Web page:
It seems that we have some a lot of things things in common, beside photography. For me photography definitely is about mental healthcare. Well that’s what all my creativity cravings are about. I used to paint a lot before I went back to photography. And in the centre of it all is this mindfulness thing. But photography is more healthy in general (according to me).

    I would be a hypocrite if I said that I suffer from depression today. I don’t (not what I’m aware of anyway). But I have a bunch of old ghosts from my youth walking around in the background. I was really deep down in the darkness. So I definitely know what it means. I don’t think a severe touch is something that will never disappear completely.

    I have never succeeded in meditating. My soul is to restless and I only feel uncomfortable. I definitely think workout is another way to find the same state of mind. I found my way through hard and playful training insted – action meditation. But nowadays I also struggle with my time training as much as I would like. I’m slowly on my way back there. Without forcing it into my life. Mindfulness first, always – as far as possible. And the practicing of less is more.

    Take care and have a good life / Smike

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  4. Thanks, Smike. I’m sure there are many other folks who find photography as a form of therapy for whatever ails them. Whatever works, right? 🙂

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  5. So true! I also believe that it changes things in the brain when you walk around searching for interesting or nice things. I also use meditation, and it works for me just laying there. I tried an app called “calm” that was very helpful. And now I have learnt to come back to the breath when stress or other emotions takes control. You always have the breath with you, so always an anchor point to return to 😊 very nice post! And I just realized we follow each other on IG as well! 😊

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  6. Thanks. And I was going to reply to your post about social media… I feel the same way about this silly pressure to return likes otherwise they unfollow you. I’m not sure whether Instagram is helpful in that regard. I just want to share my photos and also seek inspiration from others who do similar work with no desire to have thousands of followers I don’t know.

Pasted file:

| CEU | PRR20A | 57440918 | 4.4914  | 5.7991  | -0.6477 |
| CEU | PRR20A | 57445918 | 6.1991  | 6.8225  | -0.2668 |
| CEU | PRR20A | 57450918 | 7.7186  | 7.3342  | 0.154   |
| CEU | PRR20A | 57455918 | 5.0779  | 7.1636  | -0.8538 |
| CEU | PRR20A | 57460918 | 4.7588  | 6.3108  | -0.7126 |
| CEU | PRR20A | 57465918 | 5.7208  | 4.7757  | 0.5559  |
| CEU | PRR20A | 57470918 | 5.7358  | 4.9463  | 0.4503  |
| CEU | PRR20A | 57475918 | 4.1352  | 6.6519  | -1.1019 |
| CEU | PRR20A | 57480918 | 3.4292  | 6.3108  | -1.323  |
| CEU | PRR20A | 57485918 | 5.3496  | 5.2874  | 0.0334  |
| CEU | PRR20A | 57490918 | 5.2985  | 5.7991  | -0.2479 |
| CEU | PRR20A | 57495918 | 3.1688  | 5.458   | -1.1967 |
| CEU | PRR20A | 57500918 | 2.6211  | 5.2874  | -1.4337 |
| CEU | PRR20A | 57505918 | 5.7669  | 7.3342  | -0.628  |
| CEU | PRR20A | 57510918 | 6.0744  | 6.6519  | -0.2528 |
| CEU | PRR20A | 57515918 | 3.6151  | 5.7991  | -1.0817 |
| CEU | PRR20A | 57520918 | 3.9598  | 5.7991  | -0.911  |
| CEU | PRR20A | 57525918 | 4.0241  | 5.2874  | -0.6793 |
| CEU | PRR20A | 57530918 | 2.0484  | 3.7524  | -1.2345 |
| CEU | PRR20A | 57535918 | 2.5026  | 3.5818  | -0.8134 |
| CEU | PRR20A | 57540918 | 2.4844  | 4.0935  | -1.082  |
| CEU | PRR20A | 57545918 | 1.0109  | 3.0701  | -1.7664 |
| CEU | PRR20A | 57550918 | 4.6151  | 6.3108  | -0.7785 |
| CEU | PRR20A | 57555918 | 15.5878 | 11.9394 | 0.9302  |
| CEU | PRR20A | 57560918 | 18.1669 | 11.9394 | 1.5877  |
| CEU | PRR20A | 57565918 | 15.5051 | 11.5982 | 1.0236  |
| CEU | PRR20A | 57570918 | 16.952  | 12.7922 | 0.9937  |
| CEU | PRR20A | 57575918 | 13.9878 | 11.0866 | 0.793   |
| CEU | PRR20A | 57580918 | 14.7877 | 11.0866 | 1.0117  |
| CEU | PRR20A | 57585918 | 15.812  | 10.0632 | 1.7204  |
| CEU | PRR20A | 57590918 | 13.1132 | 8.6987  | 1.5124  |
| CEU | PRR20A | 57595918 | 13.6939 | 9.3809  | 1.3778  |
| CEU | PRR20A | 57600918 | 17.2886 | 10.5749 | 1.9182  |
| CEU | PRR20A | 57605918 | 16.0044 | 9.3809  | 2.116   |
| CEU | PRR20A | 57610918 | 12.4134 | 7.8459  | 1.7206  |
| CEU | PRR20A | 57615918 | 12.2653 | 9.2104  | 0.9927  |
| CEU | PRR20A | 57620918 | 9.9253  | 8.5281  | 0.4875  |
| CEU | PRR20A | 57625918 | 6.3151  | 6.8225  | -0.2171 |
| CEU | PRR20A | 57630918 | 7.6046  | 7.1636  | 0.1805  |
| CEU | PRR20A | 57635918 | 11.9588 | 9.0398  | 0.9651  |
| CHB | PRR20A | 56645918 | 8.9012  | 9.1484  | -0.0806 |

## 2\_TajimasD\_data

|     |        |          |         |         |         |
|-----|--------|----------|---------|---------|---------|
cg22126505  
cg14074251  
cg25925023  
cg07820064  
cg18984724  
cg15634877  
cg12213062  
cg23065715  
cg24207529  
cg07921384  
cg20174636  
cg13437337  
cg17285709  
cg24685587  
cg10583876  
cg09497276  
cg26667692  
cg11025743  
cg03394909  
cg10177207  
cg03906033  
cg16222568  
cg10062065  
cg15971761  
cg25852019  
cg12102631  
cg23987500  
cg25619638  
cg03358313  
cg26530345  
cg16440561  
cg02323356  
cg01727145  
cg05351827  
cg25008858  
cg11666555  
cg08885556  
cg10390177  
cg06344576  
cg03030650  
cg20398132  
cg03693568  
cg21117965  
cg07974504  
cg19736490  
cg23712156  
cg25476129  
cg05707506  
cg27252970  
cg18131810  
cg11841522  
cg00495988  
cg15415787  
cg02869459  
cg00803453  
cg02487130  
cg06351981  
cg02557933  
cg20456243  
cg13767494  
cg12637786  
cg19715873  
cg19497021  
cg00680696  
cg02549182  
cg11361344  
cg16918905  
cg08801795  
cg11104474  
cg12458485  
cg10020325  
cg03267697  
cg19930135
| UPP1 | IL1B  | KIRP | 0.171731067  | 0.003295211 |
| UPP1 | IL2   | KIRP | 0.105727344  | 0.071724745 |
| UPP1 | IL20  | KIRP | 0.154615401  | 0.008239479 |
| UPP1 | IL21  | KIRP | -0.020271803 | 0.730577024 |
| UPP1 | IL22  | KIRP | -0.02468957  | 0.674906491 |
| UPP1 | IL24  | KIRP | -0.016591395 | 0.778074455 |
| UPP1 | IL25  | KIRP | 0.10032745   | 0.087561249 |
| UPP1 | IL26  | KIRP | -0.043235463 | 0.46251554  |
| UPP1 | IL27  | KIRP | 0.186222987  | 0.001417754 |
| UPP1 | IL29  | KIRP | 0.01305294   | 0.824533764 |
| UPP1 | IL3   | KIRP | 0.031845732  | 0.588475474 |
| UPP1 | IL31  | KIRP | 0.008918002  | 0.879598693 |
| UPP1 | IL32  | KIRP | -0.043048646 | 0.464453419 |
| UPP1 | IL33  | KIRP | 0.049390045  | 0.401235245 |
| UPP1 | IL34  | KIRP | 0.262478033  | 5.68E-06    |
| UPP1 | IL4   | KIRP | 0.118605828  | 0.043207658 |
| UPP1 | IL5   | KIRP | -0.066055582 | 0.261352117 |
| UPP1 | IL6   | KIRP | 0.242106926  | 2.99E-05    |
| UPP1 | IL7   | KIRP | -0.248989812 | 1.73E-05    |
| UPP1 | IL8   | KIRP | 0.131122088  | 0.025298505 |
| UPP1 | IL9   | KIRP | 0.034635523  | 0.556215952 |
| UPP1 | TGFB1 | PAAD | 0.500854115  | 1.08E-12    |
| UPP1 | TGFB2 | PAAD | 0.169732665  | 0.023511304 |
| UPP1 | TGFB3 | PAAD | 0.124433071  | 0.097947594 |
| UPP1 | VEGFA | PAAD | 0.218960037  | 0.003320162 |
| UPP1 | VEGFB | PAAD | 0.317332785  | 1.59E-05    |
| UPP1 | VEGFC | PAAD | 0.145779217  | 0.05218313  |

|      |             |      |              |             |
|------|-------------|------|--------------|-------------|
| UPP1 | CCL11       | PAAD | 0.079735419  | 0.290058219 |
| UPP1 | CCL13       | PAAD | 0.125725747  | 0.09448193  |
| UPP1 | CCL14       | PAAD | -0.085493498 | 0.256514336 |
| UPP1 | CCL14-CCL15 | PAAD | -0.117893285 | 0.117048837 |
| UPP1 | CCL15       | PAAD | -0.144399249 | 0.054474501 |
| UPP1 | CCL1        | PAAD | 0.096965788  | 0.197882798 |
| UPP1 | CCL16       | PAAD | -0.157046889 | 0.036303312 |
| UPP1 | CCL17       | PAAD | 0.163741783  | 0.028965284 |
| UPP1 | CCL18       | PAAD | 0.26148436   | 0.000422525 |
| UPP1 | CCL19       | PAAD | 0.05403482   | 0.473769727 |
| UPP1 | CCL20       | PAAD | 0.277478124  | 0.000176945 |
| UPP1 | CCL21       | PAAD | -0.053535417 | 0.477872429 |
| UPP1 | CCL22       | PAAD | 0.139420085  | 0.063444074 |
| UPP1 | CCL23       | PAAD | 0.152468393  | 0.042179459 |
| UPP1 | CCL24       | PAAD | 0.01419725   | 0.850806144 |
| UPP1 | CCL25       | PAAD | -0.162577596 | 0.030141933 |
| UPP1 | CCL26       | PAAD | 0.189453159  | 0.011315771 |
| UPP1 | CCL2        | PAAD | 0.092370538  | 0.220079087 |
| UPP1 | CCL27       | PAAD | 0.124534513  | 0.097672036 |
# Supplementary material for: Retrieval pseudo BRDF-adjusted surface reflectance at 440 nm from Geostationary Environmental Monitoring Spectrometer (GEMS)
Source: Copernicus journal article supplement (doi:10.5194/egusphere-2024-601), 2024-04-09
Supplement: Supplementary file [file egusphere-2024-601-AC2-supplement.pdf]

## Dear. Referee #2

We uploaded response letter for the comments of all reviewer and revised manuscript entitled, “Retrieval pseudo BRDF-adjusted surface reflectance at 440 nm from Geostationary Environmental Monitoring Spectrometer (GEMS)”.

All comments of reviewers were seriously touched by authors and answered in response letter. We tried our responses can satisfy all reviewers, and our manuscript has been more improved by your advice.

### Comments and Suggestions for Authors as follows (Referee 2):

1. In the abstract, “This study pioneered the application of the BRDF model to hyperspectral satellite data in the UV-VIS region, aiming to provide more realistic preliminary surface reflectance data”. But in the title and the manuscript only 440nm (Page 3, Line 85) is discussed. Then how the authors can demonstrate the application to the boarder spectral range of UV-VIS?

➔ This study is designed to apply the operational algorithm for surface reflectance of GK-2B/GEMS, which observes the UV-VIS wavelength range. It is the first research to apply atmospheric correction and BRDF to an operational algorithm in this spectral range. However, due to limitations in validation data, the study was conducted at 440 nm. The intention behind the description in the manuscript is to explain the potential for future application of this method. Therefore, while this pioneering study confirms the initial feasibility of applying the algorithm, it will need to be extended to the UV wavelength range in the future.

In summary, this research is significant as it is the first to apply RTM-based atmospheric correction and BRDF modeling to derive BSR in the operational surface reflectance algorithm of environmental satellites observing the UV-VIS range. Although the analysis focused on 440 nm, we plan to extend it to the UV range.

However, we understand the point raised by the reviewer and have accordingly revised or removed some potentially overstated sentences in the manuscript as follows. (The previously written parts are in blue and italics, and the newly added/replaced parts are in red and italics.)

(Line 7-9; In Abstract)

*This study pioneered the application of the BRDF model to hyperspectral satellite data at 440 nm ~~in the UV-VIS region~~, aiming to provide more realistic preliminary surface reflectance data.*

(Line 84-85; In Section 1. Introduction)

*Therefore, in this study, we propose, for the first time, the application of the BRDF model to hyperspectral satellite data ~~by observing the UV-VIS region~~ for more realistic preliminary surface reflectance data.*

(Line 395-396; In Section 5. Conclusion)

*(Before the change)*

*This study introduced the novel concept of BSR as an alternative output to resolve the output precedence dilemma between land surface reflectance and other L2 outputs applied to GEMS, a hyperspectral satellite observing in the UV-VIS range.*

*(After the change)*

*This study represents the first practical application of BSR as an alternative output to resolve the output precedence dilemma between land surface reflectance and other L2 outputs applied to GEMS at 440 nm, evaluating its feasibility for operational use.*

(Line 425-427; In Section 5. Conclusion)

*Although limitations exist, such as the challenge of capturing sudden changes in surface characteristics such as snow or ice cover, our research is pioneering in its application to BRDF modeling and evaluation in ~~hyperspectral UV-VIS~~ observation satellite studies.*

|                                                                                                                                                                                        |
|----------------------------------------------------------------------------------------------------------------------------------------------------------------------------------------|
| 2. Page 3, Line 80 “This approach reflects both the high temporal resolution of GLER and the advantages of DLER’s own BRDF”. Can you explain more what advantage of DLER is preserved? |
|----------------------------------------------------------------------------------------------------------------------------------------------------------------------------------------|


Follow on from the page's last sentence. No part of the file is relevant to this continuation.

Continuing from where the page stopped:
Liked by 1 person

  7. The more followers i got the more I could see, people are mostly there for them self. And I got caught up in that as well. It’s almost like an addiction, and I got sick of it. I appreciate a lot of people I met through social media. But all the other stuff is just a mirage and waste of time.

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  8. Interesting post. I’ve been trying mindfulness again recently via headspace.com but am struggling with it. I find that things like going for a walk, reading a good book, or writing something are better methods for dealing with depression and anxiety – anything which requires full concentration and absorption. Photography fits nicely into that category…

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  9. Yes, I agree. I think it’s a matter of finding something that works for us. I found yoga completely boring, for example. But a cardio and weight workout allowed me to focus on my breath for an extended period of time. Same result! 🙂

    Liked by 1 person